Guest Review: Brinton On Anderson
Ian Brinton reviews
by Martin Anderson
The publication of this second volume of prose pieces by Martin Anderson extends and makes more complex the enormous achievement which was presented in the first twenty-nine sections published by Shearsman in 2006. In that first volume it became quite clear that here was an author whose understanding of the language of landscape allowed the reader an insight into a world which was both palpable and dream-like, a landscape of the mind presented in such a way as to convince the reader of its precise location:
We are born with the fragments of obliterated spaces within us. A celestial sensorium. A wind of luminous, driven particles. The sun shod storm of our being that will not stop with us—that, indeed, does not, in all its fitful accretions, recognise a person—that did not begin with us. (VI)
We remember the piles of dromedary dung freezing at night on the outskirts of town under cold stars. At the railway station it was so cold all the thermometer casings cracked. But in the morning the smell of coal dust in the streets, the gleam of fish ponds and canals, the sound of dried grass crackling under brick ovens, woke us. (II)
Martin Anderson spent many years as an English language teacher in the Far East (
Philippines) before returning to in 2001 and as Carolyn van Langenberg put it in her review of that first volume for Jacket Magazine: England
The Hoplite Journals is about language, the hoplite Martin Anderson a mercenary of the dominant culture, a person paid to deliver the means by which one may succeed on the net, at the stock exchange, at international forums and in the flight cabin.
The tensions between observation which tries to get the outside world in and an inability to shed the inherited values which the observer brings to bear upon what he sees, bring to mind the world which might be described as the ‘non-egocentric attention to the particular’ (Journals, R.F. Langley, Shearsman 2006). This is the world of Thomas Nagel who opens his book, The View From Nowhere (O.U.P., 1986) with the statement:
This book is about a single problem: how to combine the perspective of a particular person inside the world with an objective view of that same world, the person and his viewpoint included. It is a problem that faces every creature with the impulse and the capacity to transcend its particular point of view and to conceive of the world as a whole.
These tensions also haunt this second volume:
Always, on reading his books, you began to feel that you were listening to a voice within a voice, an echo that, sent out into the world to discover itself, came back not so much repatriated but as a voice in which reflection had perished. And in its inscrutable cadences you recognised and knew, with a profound surprise, that he had all along in his life, and in his work, not so much been drawing upon his own experience, as considering whether he was a part of it at all. (XXXVIII)
Given Carolyn van Langenberg’s shrewd comments about
being employed as a mercenary of the dominant culture it comes as no surprise that one of the echoing voices behind these journal entries should be that of Charles Dickens. The administrative world of the Circumlocution Office where the files ‘in multiple copies, of official forms, waiting to be processed…impede the corridors and every square inch of space…And everyone smiles’ (I) can only be escaped by the ‘minor copyist at the Ministry of Documents’ who gets out of the building at mid-day: Anderson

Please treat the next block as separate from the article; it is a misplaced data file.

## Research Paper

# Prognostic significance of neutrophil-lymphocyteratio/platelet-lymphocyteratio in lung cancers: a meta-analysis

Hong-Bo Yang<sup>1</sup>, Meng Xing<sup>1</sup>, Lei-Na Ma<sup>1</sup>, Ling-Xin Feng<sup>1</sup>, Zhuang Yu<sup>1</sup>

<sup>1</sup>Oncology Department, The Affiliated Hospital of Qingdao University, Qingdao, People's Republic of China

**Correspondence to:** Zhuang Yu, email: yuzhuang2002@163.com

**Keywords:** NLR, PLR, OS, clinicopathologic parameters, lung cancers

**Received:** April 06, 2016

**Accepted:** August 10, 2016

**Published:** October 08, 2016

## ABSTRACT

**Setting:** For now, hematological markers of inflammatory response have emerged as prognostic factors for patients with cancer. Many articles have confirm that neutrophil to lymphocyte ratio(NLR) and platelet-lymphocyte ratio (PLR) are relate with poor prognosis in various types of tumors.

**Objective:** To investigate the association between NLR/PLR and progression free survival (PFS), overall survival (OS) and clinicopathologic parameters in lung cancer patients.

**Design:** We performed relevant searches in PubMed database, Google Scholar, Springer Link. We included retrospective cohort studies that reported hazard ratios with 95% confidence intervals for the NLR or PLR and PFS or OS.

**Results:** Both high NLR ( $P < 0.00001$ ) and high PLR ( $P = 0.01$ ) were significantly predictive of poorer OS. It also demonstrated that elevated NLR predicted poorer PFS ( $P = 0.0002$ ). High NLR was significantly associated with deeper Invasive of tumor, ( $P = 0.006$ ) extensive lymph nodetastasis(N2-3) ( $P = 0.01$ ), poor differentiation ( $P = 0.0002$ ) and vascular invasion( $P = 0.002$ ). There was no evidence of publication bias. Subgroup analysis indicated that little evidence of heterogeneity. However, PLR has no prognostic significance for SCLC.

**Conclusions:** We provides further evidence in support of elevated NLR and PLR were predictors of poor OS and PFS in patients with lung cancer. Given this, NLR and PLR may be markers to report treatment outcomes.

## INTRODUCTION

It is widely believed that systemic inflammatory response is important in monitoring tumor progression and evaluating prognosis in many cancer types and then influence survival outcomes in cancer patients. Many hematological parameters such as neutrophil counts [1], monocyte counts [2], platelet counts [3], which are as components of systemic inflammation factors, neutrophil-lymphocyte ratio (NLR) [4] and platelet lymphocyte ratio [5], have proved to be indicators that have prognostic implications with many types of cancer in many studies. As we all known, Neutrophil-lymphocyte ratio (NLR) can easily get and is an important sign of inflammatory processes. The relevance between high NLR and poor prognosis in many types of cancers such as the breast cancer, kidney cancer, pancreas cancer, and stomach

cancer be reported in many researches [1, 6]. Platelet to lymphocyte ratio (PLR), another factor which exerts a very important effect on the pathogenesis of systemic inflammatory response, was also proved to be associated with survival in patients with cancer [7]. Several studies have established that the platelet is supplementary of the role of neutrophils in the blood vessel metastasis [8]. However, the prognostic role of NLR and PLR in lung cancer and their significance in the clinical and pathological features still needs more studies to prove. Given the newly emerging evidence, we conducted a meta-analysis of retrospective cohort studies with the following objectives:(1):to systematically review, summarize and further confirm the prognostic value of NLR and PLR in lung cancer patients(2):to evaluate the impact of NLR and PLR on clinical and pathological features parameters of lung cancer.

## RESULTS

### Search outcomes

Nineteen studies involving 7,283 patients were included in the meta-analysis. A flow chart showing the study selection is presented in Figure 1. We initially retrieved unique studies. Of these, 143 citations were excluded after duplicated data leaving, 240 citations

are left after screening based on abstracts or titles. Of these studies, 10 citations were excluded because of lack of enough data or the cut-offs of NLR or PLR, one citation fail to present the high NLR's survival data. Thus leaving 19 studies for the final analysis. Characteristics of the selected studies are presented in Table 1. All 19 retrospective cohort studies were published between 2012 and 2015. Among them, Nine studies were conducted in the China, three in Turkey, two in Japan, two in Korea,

Outside, through the thick adobe walls and stained windows, he was aware of the muffled sounds and shadows of the city…Into that indistinct hubbub at mid-day he took himself, for as long as he thought he would not be missed, wandering the back streets and alleys…(XXIX)
As with the world of Dickens the river runs through the heart of this urban squalor redolent of bureaucracy and moral stagnation ‘black as the river Godansku, with its dead dogs and poisonous fogs, that flowed through the centre of the city.’
However, there is another voice which haunts this landscape and it is the nightmare confusion of Paul Auster where ‘no architecture of permanent forms would be appropriate in this land of instability of reference’ (I). Auster’s terrifying vision created in his 1987 novel In the Country of Last Things centres around the vertigo of realising that nothing exists permanently within the city and you therefore learn to take nothing for granted:
Close your eyes for a moment, turn around to look at something else, and the thing that was before you is suddenly gone.
In The Hoplite Journals this sense of vertigo is accentuated by the immensely powerful recreation of detail which embroiders the rich fabric of the prose style.
Martin Anderson’s work rises far above social criticism and moves clearly away from the encyclopaedic enumeration of detail which could bedevil the diarist. He writes about the growing understanding of how the individual relates to the world around him and how the palpable nature of the past haunts our present:
Vainly we struggle to re-apprehend what we experienced in those first few years of our lives. Under what circumstances could such a length of time simply vanish? The overwhelming darkness of that time was not so much a darkness as a time of dream, when the gates of an immediate contact with our experience were, still, fully open—unlike later, when our creative imagination would, instead, be forced to seek a contact with it through words. As we walk beside that dark wood of lost years what we hear, then, is the silence of a time that never found its way into words. (
I am already looking forward to the publication of the third volume.
Ian Brinton is a regular contributor to Eyewear. He is a British critic and scholar.